Meelah came to us in October 2012 by way of a cardboard box left outside the clinic. We immediately had her spayed, vaccinated, and tested and she was cleared to go into our adoptable cat room. Unfortunately, she wasn't cut out to be in our free-roaming room with 50 other cats. So we moved her upstairs to our business office with another one of our adoptable cats, Morel. They seem to get along perfectly and love receiving visitors! Although Morel and Meelah are both FIV positive, they can live long healthy lives. It is an immune deficiency disorder which means if they do get sick, it takes a little longer to fight it off. FIV is transferrable only through sexual activity and deep bite wounds—highly unlikely among spayed/neutered and domesticated cats. They would be fine to be adopted into a home with other cats. Martha and Morel love to be lapcats, they can hold a conversation, are great purrers and love treats! They would prefer a home with no dogs. They would make wonderful companions to any lucky family! It would be wonderful to find Meelah and Morel a home together, but it is not required.



This lovely lady used to be pretty shy, but has decided that humans offer great petting opportunities. Sugar is a mommy-cat (that will mean something to the experienced cat person), and would be fine to join a home with an existing cat. She likes her quiet time and would very likely want to be your lap and bedtime companion.



Hi, my name is Mandy. I am just about the sweetest girl you'll ever meet. I am a shepherd/lab mix who is spayed and up to date on vaccinations. I have lived at the clinic for a long time, and while I love everyone here, I am ready for a family to call my own. I would make a great family-dog, although I would need to be the only animal in my new home. I'll make up for it with all the love I will give you! I love to roll over and get a good belly rub. I do enjoy my time outdoors, so a home with a yard for me to run in would be ideal. But most importantly, I would love a family who would give me lots of attention and petting. I am always up for visitors so please stop by to say hello!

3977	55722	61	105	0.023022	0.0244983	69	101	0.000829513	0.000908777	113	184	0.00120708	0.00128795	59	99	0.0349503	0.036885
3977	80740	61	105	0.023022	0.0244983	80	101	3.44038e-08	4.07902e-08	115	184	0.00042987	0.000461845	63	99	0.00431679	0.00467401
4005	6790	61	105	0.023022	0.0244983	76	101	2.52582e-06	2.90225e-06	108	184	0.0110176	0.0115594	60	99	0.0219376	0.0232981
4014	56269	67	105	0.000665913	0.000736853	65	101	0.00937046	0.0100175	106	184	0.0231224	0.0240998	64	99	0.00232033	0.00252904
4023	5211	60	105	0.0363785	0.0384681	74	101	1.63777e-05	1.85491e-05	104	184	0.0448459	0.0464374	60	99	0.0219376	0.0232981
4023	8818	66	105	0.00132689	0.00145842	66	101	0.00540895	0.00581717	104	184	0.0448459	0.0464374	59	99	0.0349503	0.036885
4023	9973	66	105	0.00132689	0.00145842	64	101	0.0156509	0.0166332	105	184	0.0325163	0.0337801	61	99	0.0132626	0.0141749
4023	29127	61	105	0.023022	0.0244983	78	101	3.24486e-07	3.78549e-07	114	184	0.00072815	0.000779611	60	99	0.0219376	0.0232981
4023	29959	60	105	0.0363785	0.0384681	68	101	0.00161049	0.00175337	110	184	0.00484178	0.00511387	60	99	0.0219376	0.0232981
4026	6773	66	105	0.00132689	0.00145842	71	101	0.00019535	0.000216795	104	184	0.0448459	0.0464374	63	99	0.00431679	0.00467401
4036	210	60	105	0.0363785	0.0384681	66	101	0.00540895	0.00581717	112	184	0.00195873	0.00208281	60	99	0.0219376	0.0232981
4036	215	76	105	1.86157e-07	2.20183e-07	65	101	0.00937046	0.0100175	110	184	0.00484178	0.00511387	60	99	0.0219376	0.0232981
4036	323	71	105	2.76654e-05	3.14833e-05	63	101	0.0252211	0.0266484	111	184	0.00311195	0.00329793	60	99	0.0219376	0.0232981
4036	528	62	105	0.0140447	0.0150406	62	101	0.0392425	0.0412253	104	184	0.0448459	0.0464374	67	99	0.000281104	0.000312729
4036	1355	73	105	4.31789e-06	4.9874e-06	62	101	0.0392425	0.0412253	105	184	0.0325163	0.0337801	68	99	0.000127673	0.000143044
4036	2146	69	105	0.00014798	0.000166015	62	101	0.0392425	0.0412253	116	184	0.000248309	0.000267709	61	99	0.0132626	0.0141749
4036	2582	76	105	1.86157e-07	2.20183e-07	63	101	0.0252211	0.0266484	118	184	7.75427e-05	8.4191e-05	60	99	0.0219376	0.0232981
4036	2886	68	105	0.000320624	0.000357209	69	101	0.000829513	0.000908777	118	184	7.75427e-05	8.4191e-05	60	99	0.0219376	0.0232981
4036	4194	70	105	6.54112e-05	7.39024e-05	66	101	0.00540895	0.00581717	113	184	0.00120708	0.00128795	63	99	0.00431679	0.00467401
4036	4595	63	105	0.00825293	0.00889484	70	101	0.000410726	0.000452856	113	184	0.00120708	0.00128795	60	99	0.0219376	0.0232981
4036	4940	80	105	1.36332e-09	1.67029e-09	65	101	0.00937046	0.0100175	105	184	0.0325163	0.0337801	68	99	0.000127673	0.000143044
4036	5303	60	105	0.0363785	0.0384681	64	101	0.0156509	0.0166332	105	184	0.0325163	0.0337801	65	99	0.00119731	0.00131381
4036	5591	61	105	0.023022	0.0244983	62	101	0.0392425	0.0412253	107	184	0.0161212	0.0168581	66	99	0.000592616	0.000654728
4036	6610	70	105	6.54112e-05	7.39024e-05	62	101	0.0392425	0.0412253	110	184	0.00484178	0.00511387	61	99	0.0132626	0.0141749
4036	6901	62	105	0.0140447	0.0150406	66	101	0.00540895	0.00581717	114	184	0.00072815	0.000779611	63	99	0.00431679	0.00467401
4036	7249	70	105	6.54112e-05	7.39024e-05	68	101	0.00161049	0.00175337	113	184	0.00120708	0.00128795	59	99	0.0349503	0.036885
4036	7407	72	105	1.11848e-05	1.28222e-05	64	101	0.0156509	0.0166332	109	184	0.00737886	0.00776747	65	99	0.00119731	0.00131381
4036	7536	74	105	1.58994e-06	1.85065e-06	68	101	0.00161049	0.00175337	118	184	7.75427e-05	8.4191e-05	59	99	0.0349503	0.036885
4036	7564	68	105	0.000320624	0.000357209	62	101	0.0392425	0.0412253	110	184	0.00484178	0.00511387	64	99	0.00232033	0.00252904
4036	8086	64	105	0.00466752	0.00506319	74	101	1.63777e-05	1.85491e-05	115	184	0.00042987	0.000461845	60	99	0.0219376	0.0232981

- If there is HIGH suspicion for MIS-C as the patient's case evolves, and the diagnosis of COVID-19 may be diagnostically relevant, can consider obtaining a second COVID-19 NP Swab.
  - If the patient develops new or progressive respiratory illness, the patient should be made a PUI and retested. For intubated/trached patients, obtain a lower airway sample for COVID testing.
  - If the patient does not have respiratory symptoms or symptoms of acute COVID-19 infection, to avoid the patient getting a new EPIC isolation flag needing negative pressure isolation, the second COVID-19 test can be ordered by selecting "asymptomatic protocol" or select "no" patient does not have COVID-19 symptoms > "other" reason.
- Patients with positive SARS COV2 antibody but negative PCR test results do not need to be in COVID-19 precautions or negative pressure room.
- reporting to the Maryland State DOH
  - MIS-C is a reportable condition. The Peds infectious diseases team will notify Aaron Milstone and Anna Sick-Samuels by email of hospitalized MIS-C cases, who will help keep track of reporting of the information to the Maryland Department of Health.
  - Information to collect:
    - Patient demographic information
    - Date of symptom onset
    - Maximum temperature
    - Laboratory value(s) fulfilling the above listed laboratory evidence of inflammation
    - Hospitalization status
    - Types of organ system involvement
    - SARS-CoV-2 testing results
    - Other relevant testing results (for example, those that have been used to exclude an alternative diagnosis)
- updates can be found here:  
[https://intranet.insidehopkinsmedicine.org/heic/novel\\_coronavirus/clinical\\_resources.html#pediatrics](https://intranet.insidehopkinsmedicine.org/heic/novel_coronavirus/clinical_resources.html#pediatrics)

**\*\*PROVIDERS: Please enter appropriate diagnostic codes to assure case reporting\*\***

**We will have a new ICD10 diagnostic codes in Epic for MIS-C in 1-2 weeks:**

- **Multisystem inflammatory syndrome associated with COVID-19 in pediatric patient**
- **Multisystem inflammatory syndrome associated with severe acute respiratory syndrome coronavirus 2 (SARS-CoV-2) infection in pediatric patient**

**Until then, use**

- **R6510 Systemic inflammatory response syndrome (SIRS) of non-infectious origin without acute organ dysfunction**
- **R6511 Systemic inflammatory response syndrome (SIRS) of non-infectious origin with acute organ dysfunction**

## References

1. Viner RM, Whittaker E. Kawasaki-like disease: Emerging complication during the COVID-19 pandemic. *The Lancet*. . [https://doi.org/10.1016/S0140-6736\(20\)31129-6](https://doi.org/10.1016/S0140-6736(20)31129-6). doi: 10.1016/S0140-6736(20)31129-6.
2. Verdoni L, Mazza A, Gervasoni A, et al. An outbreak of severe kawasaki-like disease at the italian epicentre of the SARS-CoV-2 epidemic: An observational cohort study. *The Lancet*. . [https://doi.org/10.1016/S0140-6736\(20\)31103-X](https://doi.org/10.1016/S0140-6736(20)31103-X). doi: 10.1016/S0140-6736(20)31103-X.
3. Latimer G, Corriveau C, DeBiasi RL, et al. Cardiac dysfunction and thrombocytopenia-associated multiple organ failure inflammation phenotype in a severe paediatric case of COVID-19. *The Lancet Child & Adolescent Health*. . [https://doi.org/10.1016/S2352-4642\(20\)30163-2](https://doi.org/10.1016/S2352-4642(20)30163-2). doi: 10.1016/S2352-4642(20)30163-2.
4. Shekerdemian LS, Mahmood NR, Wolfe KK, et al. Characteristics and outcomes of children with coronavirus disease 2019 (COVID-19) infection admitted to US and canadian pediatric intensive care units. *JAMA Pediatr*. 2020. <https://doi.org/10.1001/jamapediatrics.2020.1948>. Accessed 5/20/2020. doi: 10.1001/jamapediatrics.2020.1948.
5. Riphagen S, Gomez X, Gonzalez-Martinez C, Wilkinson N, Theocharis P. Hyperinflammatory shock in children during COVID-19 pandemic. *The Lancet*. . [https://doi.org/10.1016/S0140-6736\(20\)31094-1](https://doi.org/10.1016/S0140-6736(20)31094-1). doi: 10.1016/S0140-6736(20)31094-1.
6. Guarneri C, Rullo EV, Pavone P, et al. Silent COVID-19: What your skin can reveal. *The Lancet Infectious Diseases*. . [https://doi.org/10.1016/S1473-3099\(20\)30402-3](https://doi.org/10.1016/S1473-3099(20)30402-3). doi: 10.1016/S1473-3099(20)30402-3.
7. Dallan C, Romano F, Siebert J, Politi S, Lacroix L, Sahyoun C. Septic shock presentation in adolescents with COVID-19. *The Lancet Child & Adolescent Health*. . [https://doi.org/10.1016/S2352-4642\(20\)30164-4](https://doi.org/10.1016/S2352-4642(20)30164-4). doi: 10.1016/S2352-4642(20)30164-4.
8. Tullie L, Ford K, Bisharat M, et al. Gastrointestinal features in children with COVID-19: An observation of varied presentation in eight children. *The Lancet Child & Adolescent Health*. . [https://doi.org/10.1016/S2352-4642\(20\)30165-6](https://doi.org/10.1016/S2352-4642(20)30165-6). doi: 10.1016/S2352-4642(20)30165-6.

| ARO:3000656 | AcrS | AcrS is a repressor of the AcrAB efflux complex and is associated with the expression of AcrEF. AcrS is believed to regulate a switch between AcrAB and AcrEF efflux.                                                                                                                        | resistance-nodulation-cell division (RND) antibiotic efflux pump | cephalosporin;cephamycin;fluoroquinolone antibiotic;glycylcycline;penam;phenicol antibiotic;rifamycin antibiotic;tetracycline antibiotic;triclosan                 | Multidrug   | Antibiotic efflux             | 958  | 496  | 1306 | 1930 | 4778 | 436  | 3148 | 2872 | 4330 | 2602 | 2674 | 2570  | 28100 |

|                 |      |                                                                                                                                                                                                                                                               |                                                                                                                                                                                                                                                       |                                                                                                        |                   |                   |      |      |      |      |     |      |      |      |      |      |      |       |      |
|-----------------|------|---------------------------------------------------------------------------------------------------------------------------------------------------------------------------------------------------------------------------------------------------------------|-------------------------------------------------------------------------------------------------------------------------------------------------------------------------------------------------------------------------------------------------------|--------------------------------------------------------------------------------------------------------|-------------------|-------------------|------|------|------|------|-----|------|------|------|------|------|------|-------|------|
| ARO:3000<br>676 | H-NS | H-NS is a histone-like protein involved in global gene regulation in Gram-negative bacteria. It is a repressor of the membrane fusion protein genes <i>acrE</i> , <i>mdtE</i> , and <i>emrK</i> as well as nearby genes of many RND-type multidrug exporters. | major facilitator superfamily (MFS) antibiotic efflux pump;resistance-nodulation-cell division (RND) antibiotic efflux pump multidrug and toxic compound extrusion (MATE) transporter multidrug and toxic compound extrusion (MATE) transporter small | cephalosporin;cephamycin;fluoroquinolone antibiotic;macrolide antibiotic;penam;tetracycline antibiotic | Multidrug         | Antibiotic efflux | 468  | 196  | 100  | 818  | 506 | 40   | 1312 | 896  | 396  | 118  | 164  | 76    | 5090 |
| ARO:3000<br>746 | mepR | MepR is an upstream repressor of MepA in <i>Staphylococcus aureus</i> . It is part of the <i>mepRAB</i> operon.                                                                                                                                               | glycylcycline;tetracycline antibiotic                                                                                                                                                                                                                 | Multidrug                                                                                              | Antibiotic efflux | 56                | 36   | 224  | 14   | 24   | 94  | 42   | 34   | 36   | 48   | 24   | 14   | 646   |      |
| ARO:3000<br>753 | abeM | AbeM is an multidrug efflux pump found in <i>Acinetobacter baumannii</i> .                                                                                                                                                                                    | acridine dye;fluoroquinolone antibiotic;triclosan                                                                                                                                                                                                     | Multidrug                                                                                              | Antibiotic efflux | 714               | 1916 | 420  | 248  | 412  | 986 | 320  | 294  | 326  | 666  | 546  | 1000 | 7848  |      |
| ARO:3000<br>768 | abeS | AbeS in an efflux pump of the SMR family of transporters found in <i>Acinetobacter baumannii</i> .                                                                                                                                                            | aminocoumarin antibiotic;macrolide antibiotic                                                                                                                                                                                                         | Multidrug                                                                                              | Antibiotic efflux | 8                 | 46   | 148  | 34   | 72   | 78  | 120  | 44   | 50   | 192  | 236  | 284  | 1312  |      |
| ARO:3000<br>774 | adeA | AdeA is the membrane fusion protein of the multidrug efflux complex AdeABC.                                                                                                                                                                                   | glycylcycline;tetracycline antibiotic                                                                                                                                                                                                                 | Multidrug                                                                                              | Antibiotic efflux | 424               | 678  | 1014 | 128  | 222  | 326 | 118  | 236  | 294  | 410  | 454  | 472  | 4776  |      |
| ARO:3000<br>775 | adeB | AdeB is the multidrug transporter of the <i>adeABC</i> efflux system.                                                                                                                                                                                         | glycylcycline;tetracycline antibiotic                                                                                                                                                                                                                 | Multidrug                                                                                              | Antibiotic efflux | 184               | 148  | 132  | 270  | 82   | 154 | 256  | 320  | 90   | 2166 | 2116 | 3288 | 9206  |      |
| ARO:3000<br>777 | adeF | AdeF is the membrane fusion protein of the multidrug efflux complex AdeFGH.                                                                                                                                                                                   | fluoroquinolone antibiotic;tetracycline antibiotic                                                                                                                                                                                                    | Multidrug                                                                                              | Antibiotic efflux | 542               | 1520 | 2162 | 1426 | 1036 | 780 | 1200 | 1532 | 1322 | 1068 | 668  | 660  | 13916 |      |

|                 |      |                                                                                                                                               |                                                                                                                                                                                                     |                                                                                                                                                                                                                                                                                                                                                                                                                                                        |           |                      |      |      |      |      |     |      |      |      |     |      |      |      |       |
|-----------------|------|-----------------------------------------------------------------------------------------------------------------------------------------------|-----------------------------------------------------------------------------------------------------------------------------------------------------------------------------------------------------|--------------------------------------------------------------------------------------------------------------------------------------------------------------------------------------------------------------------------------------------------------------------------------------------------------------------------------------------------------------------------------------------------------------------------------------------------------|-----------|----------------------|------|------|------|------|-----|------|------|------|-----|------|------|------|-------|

Ok, don't expect Farley to run a kitty-marathon anytime soon. He is proud of his size and really, it only adds to his laissez-faire attitude about life.

BUT – Farley is a hero. Someone brought a kitten to FACE that was dying from flea-anemia. Farley stepped up and very generously donated blood to save the kitten. You want to adopt a hero-kitty…….here you are!



Hi, my name is Charlie. I love all people and will follow you around once you pet me.

Note: Charlie tested positive for the feline leukemia virus, which is a highly contagious viral disease. The virus can be transmitted to other cats through sharing food dishes, water bowls and litter boxes. However, depending on how the virus progresses, he could live many years. But since the disease is contagious, a home without other cats or a home with only other feline leukemia positive cats would be best.